FOM: Intuitionism, Godel
Harvey Friedman
friedman at math.ohio-state.edu
Mon Mar 9 17:36:42 EST 1998
Reply to Pratt 7:24PM 3/7/98
>Encouraged by Torkel Franzel, I took a closer look at your quotation
>of Goedel (a 1932 review of Heyting's "The intuitionist's way of
>founding mathematics", 1931) and now do not see how you infer from
>the quotation rejection by Goedel of *any* aspect of intuitionism.
I didn't say it was from there. You'll find it in his philosophical papers
in the Collected Works.
> Nowhere in this
>famous paper is there the slightest hint of rejection of intuitionism,
>to the contrary it is hard to see how to take it as other than strong
>technical support for intuitionism.
Not after you read his philosophical papers in the Collected Works.
>What are the "great many writings" that you had in mind?
His philosophical papers in the Collected Works. My "great many" was of
course silly.
There are plenty of better historical experts on Godel than me on the fom,
and they can set you straight on this.
Pratt 8:06PM 3/7/98:
>For myself I fully support the thesis that intuitionistic logic is no less
>meaningful a logic than classical, as I hope my recent postings in this
>thread made clear (but my support could have been phrased more crisply).
This is at the present state of knowledge, an absurd thesis which is, I
think, based on perhaps a milder misunderstanding of foundations than the
one that causes you to frequently confuse various algebraic studies with
logic. I've never seen a coherent philosophical account of, say, iterated
intuitionistic implication. All attempts are quite clumsy. Completeness
theorems, even to this day, are quite awkward and unconvincing - despite
some new ones I developed. And if classical f.o.m. frustratingly leaves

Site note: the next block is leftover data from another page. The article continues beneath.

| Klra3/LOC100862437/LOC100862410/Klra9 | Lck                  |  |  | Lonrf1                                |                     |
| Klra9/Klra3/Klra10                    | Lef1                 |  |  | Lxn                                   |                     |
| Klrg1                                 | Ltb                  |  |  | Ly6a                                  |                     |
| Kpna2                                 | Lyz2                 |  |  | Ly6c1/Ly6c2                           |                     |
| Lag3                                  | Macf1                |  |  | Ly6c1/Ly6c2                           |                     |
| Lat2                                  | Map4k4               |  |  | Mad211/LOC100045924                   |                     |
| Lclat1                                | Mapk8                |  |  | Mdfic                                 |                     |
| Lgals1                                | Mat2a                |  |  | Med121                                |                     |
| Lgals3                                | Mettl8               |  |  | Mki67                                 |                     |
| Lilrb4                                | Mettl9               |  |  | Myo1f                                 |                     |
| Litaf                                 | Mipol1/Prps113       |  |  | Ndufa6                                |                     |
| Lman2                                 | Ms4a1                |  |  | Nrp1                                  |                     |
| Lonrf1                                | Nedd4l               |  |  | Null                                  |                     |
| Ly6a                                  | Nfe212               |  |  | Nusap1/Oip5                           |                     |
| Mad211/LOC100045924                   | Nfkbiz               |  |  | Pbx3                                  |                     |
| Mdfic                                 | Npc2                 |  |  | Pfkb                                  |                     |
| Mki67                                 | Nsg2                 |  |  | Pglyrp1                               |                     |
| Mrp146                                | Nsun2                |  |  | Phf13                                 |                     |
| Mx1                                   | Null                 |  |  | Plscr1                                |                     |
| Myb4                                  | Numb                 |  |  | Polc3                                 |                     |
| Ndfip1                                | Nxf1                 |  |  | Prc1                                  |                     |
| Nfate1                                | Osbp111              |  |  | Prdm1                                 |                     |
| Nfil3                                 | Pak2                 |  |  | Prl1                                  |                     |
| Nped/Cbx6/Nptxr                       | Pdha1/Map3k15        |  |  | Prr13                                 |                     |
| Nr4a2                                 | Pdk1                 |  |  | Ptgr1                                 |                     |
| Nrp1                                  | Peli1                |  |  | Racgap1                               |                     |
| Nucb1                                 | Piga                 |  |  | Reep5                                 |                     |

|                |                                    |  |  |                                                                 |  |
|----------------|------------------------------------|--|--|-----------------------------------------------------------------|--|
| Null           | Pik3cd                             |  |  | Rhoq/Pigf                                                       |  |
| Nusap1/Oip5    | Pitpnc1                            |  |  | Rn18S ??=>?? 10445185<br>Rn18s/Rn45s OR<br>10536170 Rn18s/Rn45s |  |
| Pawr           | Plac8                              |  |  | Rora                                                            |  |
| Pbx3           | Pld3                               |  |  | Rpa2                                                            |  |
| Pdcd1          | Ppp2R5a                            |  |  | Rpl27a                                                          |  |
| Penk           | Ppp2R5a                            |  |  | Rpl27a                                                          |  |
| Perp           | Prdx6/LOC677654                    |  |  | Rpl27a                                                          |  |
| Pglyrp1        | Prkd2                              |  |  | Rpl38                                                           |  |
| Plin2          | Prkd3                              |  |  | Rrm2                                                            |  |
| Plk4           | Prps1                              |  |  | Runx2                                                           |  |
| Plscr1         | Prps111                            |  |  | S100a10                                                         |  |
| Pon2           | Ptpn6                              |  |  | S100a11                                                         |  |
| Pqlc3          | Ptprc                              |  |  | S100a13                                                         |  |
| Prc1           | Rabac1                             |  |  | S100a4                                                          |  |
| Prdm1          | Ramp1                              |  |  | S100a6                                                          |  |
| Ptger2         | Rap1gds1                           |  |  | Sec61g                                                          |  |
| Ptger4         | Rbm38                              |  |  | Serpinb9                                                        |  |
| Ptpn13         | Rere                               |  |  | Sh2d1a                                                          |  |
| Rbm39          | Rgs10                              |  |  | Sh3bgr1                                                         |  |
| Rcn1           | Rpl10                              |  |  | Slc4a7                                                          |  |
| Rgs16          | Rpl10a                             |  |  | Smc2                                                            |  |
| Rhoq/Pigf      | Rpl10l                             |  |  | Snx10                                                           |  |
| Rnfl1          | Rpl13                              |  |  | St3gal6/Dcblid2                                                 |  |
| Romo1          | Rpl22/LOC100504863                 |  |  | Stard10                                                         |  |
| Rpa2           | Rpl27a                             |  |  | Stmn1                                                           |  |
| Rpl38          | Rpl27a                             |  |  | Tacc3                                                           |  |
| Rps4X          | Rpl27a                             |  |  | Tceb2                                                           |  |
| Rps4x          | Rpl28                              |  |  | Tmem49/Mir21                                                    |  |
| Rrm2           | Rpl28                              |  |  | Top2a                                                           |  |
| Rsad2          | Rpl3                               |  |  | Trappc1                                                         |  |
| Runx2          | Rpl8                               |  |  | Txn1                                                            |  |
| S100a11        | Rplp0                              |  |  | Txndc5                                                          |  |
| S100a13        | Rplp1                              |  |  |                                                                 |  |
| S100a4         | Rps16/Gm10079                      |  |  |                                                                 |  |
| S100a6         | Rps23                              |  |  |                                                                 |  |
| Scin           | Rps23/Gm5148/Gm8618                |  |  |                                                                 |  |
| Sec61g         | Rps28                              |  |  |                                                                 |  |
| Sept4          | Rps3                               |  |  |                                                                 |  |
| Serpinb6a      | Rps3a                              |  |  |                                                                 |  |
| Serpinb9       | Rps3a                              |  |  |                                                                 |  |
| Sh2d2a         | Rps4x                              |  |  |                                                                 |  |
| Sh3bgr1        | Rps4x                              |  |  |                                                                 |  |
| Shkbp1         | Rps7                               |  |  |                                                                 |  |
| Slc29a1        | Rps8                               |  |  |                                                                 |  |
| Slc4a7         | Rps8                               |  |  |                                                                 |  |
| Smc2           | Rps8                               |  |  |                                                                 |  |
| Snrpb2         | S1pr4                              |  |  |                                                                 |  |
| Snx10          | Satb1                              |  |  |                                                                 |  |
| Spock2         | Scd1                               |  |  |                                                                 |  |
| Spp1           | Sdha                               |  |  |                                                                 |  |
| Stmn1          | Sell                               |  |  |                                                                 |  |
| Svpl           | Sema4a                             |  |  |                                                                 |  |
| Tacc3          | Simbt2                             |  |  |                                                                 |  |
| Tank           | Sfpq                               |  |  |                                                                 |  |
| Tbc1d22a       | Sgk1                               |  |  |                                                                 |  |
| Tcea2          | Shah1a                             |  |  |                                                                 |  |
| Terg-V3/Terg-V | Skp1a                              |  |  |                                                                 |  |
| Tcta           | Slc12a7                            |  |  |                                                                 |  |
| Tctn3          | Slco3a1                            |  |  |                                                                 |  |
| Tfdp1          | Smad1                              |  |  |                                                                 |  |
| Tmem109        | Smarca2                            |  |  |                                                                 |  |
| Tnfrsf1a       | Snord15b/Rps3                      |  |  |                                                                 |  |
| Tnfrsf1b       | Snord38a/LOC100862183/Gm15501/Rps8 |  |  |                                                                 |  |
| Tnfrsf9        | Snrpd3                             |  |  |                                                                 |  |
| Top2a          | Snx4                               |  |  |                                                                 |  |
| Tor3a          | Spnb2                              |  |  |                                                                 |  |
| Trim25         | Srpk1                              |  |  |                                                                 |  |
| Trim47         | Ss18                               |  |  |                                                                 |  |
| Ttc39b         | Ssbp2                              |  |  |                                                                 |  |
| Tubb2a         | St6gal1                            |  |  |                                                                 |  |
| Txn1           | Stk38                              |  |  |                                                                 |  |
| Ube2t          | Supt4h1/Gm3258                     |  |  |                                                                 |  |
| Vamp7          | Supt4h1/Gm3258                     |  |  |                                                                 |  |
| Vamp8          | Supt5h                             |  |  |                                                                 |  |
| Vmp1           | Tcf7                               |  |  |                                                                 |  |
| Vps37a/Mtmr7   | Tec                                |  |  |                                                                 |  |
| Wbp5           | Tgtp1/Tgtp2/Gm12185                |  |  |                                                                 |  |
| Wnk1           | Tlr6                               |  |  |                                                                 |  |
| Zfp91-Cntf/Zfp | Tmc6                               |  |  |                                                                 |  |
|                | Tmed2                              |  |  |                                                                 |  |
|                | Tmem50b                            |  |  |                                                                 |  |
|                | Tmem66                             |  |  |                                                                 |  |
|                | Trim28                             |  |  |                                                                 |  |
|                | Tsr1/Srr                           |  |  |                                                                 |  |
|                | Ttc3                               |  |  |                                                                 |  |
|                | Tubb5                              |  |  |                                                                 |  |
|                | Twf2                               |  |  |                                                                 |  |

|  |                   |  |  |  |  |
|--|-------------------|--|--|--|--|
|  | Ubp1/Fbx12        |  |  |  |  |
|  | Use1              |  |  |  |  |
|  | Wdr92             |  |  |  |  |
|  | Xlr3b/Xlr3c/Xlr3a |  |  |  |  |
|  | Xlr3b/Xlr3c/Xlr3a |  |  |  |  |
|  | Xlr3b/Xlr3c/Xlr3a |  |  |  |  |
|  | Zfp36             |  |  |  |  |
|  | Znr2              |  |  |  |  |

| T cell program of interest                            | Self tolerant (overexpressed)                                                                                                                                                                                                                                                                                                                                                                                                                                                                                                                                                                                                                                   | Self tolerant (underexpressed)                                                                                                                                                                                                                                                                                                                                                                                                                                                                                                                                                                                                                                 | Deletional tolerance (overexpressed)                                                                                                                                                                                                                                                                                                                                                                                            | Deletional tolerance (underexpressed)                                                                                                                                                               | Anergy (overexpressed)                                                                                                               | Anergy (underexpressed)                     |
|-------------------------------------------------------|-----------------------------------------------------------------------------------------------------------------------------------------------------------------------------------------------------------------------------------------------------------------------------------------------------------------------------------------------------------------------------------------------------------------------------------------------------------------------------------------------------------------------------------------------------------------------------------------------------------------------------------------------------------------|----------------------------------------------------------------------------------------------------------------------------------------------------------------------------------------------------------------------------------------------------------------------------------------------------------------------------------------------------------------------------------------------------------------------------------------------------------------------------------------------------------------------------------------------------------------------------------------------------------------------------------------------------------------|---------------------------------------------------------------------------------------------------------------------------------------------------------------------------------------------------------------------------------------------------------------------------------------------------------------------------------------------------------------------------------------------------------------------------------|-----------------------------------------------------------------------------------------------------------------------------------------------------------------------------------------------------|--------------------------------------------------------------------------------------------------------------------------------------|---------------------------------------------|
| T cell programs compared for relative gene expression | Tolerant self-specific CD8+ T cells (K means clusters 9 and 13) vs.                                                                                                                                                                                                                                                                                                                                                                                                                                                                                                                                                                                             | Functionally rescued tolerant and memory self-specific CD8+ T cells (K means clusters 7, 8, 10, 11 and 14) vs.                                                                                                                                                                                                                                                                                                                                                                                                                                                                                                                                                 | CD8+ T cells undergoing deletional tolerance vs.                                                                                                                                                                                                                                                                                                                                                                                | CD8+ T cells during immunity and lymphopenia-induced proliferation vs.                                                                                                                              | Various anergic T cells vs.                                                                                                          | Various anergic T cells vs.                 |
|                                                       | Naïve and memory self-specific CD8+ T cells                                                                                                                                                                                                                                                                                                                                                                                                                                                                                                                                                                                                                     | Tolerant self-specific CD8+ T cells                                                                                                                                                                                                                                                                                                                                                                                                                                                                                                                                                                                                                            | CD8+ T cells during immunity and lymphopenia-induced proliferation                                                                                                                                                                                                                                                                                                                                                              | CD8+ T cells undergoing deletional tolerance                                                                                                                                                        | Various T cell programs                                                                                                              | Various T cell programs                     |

basic questions open, then intuitionistic f.o.m. in comparison settles
virtually nothing. These are just some of the comparisons. Nevertheless,
intuitionism still has a kind of formal coherence, and constructivity a
kind of intellectual coherence, at least sufficient to be useful in various
contexts, and to make it worthwhile to turn it into something truly
coherent. The mathematics community never bought into it, preferring to
phrase related issues in totally classical terms - e.g., is there an
algorithm or decent bound for such and such. Falting's theorem is grossly
nonconstructive in content and proof right now. It has the form that
something is true in the integers with finitely many exceptions, without a
bound on the number of exceptions, and certainly not a bound on the size of
the exceptions. The same with Roth's theorem on approximations to algebraic
numbers. And mathematicians accepted this as great mathematics without
hesitation. They do know about the problem of getting bounds and
algorithms, and respect this problem - but avoid phrasing it in terms of
intuitionism or constructivity.
>I also don't see intuitionistic logic as the end of the line in that
>progression. *The* end of the line is linear logic, there is nothing
>beyond it in the same sense that, going in the other direction, there
>is nothing beyond classical logic. Classical and linear logic are the
>endpoints in a spectrum of logics that range from the logic of pure
>separation to its dual logic of pure connection. Intuitionistic logic
>lives within that interval, close to the classical end.
This is an illustration of the confusion between algebra and logic that I
spoke of above. Although one can study profitably Heyting Algebras, this
algebraic construction and study is not what is at the essence of
intuitionism and constructivity. They are not algebraic at all. They are
proof theoretic or semantic or logically formal or a mixture of these; but
they are not algebraic studies.
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